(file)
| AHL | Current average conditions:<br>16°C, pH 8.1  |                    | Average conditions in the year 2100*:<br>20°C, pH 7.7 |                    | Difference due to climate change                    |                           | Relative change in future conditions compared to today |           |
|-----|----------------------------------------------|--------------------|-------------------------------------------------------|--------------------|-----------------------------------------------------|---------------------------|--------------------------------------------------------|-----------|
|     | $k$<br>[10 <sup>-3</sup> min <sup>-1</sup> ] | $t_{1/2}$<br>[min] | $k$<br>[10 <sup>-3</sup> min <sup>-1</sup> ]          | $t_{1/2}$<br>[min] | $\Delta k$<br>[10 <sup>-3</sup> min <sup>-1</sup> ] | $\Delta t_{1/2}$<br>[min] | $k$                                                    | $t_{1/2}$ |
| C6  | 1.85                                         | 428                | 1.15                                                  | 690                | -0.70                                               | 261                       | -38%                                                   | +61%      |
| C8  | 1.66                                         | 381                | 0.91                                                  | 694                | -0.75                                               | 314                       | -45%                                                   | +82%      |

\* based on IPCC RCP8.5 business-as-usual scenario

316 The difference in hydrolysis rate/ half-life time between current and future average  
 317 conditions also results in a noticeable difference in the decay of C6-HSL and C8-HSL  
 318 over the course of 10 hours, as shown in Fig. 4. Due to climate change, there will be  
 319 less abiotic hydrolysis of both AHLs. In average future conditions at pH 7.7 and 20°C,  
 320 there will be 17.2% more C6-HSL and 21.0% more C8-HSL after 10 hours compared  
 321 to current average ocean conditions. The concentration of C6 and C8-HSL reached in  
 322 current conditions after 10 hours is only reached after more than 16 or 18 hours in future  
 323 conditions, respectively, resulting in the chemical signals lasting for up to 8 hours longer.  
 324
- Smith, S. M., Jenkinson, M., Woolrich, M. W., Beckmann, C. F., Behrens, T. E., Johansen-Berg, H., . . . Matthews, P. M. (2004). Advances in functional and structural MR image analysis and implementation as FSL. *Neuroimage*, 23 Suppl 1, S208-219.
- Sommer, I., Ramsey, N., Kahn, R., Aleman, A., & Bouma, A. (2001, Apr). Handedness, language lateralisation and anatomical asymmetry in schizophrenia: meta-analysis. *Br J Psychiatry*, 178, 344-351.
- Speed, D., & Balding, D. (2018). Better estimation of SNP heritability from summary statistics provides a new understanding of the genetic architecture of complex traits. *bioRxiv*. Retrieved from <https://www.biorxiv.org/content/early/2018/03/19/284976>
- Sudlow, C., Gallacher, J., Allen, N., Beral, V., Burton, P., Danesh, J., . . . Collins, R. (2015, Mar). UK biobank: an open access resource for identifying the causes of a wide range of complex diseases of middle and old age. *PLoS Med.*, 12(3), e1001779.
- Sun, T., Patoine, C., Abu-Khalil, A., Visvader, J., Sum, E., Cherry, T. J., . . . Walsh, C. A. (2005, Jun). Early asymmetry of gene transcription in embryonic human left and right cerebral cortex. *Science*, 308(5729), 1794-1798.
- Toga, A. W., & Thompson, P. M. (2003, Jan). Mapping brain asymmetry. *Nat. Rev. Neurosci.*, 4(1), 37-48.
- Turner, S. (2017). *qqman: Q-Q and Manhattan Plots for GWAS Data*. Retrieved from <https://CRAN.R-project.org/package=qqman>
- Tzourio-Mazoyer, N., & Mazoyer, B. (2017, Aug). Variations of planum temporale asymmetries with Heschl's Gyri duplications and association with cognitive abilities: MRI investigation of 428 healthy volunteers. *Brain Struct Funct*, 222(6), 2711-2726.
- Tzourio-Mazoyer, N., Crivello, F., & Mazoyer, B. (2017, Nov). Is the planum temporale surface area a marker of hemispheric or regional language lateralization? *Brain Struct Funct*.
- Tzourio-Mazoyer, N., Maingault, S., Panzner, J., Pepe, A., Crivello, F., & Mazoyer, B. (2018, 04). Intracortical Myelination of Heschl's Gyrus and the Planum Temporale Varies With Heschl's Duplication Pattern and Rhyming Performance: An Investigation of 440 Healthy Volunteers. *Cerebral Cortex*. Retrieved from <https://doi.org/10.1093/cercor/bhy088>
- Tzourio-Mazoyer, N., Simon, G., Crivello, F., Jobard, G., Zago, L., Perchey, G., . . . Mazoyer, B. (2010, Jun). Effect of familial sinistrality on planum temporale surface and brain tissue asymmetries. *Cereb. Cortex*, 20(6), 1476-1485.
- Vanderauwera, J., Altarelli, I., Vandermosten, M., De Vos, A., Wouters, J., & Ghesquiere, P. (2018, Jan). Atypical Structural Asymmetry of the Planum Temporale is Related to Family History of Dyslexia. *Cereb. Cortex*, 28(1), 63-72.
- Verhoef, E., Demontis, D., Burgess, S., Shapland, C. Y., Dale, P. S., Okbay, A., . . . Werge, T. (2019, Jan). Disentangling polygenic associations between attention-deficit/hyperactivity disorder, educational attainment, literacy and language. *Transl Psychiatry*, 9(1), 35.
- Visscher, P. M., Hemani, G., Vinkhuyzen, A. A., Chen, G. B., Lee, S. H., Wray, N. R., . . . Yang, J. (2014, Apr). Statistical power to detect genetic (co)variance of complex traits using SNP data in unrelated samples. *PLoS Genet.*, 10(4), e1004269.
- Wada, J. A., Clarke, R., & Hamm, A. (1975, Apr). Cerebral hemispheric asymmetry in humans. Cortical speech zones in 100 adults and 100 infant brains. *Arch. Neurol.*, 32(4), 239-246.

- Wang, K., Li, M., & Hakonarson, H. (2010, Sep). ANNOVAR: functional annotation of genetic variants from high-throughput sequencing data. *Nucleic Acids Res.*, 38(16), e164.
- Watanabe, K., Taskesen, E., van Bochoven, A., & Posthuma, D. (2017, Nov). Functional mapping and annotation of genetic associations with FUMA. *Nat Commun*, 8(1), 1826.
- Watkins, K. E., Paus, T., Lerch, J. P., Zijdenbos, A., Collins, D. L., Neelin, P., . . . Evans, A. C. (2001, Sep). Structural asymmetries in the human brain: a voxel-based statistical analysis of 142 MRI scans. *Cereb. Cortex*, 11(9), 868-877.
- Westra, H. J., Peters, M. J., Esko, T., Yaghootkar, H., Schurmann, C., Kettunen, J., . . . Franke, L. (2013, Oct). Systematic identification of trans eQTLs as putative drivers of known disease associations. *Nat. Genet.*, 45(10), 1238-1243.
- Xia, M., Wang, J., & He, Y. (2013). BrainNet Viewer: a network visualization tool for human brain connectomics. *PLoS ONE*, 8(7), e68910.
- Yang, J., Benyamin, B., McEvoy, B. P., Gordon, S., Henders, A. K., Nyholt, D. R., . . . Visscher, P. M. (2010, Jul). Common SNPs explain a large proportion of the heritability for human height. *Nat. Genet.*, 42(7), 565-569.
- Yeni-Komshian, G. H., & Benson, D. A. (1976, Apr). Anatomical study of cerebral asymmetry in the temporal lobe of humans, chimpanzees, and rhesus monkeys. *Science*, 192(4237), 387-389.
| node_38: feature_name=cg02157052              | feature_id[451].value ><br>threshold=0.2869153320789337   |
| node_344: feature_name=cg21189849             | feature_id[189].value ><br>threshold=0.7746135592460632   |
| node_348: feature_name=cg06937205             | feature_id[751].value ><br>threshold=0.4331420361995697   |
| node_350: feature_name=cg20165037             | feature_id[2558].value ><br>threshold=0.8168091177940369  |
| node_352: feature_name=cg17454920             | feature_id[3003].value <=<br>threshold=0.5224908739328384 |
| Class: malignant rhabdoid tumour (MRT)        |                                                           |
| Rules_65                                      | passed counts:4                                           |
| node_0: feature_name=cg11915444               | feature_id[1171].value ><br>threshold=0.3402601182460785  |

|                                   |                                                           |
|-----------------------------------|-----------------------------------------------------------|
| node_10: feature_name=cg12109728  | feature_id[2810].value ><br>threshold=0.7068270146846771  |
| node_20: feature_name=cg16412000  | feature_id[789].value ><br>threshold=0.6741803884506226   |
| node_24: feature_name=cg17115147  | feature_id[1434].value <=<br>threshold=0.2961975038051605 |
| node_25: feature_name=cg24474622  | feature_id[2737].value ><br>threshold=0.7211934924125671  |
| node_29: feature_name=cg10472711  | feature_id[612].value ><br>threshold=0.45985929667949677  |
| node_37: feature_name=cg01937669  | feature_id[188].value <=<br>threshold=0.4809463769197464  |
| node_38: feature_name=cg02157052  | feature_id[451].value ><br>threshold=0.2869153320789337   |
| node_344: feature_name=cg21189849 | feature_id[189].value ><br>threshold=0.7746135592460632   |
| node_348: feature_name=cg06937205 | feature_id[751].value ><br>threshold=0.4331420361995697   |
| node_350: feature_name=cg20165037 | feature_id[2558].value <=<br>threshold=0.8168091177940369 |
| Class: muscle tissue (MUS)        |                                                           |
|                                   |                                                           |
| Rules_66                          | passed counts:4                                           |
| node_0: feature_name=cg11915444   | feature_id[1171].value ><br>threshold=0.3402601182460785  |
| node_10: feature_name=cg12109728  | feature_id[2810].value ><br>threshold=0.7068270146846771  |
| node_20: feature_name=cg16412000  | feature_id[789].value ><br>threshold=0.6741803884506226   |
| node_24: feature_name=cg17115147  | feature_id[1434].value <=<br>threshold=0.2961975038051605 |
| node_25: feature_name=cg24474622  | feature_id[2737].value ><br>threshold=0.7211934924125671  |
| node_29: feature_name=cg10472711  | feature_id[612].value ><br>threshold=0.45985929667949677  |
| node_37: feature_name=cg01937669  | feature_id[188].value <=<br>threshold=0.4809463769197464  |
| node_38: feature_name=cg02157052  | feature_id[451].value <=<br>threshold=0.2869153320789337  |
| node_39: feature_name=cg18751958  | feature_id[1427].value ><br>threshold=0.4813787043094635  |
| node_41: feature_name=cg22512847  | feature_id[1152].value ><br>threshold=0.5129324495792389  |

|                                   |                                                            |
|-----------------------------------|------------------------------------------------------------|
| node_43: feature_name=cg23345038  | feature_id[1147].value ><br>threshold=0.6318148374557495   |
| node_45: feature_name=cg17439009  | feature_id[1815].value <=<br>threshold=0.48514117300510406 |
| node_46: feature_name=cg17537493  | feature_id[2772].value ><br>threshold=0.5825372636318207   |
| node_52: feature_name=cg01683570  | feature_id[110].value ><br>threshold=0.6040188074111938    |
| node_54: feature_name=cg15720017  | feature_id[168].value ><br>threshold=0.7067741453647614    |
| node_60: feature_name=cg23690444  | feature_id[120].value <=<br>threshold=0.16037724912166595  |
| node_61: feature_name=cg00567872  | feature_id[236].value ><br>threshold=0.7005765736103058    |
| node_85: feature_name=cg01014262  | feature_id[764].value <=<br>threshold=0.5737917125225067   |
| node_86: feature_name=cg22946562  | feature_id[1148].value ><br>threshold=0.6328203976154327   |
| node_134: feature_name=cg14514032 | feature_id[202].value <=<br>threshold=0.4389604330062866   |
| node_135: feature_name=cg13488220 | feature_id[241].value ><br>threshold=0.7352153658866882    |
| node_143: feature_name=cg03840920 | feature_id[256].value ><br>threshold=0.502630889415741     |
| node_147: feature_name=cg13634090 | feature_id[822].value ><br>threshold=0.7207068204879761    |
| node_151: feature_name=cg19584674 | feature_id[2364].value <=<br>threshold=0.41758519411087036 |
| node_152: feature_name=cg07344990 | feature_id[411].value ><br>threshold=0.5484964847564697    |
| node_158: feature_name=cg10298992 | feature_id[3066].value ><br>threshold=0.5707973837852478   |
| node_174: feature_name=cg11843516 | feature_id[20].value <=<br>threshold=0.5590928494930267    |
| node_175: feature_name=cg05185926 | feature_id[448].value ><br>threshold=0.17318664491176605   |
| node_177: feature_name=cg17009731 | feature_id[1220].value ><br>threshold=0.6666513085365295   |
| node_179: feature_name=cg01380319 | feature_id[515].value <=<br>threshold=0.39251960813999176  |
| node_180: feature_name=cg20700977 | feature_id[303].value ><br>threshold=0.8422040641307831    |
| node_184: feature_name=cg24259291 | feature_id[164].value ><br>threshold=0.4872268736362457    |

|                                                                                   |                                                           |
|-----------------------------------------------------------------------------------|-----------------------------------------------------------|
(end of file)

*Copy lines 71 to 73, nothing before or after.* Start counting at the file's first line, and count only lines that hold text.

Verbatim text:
|                                   |                                                            |
|-----------------------------------|------------------------------------------------------------|
| node_43: feature_name=cg23345038  | feature_id[1147].value ><br>threshold=0.6318148374557495   |